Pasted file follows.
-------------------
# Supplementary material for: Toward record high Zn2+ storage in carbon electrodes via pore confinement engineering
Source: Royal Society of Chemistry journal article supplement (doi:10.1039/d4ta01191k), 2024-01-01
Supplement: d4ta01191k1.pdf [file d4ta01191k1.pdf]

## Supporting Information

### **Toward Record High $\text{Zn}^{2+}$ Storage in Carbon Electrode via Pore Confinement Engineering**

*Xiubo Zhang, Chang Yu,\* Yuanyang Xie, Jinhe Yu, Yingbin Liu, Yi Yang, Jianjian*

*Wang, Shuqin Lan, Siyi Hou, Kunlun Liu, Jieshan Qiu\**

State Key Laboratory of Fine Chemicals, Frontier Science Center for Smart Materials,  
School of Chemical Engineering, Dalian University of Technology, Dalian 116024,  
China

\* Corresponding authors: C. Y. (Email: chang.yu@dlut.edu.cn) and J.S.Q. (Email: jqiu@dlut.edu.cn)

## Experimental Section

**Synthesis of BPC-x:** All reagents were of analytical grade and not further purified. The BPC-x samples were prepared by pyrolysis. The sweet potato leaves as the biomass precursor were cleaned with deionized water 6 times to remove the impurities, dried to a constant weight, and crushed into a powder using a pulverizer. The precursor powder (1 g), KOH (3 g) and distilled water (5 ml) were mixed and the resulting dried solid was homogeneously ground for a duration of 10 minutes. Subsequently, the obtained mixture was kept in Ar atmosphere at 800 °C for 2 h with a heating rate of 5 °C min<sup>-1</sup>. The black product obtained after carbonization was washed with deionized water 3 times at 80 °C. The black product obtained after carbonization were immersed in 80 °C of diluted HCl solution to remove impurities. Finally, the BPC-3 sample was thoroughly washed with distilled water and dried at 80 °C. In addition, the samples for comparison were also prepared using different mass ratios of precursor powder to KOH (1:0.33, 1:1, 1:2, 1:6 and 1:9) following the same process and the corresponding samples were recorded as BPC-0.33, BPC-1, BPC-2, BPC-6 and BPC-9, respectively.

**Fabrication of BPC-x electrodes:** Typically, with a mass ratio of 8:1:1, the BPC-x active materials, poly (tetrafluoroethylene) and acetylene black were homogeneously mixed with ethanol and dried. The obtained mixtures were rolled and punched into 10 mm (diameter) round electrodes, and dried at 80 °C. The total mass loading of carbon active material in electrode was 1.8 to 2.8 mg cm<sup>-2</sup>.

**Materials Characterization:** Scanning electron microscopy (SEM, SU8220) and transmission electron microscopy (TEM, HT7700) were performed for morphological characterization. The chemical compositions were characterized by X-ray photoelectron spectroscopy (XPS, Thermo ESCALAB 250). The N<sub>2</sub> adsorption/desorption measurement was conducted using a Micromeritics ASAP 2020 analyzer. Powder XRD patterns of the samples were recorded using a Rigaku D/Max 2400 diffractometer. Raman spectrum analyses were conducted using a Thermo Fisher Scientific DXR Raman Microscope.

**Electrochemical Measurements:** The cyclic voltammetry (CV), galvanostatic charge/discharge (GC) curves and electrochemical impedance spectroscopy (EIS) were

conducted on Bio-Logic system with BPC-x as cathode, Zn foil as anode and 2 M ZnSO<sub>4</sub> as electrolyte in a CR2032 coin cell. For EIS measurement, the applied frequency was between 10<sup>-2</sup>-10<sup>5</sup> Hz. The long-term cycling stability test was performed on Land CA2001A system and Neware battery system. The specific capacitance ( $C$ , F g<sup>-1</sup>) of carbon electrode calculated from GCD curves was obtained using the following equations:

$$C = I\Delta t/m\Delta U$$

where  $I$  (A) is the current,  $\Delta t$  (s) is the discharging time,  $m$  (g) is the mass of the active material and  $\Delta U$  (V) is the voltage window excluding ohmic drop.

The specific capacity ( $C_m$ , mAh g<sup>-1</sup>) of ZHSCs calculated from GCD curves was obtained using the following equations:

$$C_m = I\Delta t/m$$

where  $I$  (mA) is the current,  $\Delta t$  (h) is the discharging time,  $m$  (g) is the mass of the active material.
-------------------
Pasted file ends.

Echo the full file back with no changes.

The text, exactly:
# Supplementary material for: Toward record high Zn2+ storage in carbon electrodes via pore confinement engineering
Source: Royal Society of Chemistry journal article supplement (doi:10.1039/d4ta01191k), 2024-01-01
Supplement: d4ta01191k1.pdf [file d4ta01191k1.pdf]

## Supporting Information

### **Toward Record High $\text{Zn}^{2+}$ Storage in Carbon Electrode via Pore Confinement Engineering**

*Xiubo Zhang, Chang Yu,\* Yuanyang Xie, Jinhe Yu, Yingbin Liu, Yi Yang, Jianjian*

*Wang, Shuqin Lan, Siyi Hou, Kunlun Liu, Jieshan Qiu\**

State Key Laboratory of Fine Chemicals, Frontier Science Center for Smart Materials,  
School of Chemical Engineering, Dalian University of Technology, Dalian 116024,  
China

\* Corresponding authors: C. Y. (Email: chang.yu@dlut.edu.cn) and J.S.Q. (Email: jqiu@dlut.edu.cn)

## Experimental Section

**Synthesis of BPC-x:** All reagents were of analytical grade and not further purified. The BPC-x samples were prepared by pyrolysis. The sweet potato leaves as the biomass precursor were cleaned with deionized water 6 times to remove the impurities, dried to a constant weight, and crushed into a powder using a pulverizer. The precursor powder (1 g), KOH (3 g) and distilled water (5 ml) were mixed and the resulting dried solid was homogeneously ground for a duration of 10 minutes. Subsequently, the obtained mixture was kept in Ar atmosphere at 800 °C for 2 h with a heating rate of 5 °C min<sup>-1</sup>. The black product obtained after carbonization was washed with deionized water 3 times at 80 °C. The black product obtained after carbonization were immersed in 80 °C of diluted HCl solution to remove impurities. Finally, the BPC-3 sample was thoroughly washed with distilled water and dried at 80 °C. In addition, the samples for comparison were also prepared using different mass ratios of precursor powder to KOH (1:0.33, 1:1, 1:2, 1:6 and 1:9) following the same process and the corresponding samples were recorded as BPC-0.33, BPC-1, BPC-2, BPC-6 and BPC-9, respectively.

**Fabrication of BPC-x electrodes:** Typically, with a mass ratio of 8:1:1, the BPC-x active materials, poly (tetrafluoroethylene) and acetylene black were homogeneously mixed with ethanol and dried. The obtained mixtures were rolled and punched into 10 mm (diameter) round electrodes, and dried at 80 °C. The total mass loading of carbon active material in electrode was 1.8 to 2.8 mg cm<sup>-2</sup>.

**Materials Characterization:** Scanning electron microscopy (SEM, SU8220) and transmission electron microscopy (TEM, HT7700) were performed for morphological characterization. The chemical compositions were characterized by X-ray photoelectron spectroscopy (XPS, Thermo ESCALAB 250). The N<sub>2</sub> adsorption/desorption measurement was conducted using a Micromeritics ASAP 2020 analyzer. Powder XRD patterns of the samples were recorded using a Rigaku D/Max 2400 diffractometer. Raman spectrum analyses were conducted using a Thermo Fisher Scientific DXR Raman Microscope.

**Electrochemical Measurements:** The cyclic voltammetry (CV), galvanostatic charge/discharge (GC) curves and electrochemical impedance spectroscopy (EIS) were

conducted on Bio-Logic system with BPC-x as cathode, Zn foil as anode and 2 M ZnSO<sub>4</sub> as electrolyte in a CR2032 coin cell. For EIS measurement, the applied frequency was between 10<sup>-2</sup>-10<sup>5</sup> Hz. The long-term cycling stability test was performed on Land CA2001A system and Neware battery system. The specific capacitance ( $C$ , F g<sup>-1</sup>) of carbon electrode calculated from GCD curves was obtained using the following equations:

$$C = I\Delta t/m\Delta U$$

where  $I$  (A) is the current,  $\Delta t$  (s) is the discharging time,  $m$  (g) is the mass of the active material and  $\Delta U$  (V) is the voltage window excluding ohmic drop.

The specific capacity ( $C_m$ , mAh g<sup>-1</sup>) of ZHSCs calculated from GCD curves was obtained using the following equations:

$$C_m = I\Delta t/m$$

where  $I$  (mA) is the current,  $\Delta t$  (h) is the discharging time,  $m$  (g) is the mass of the active material.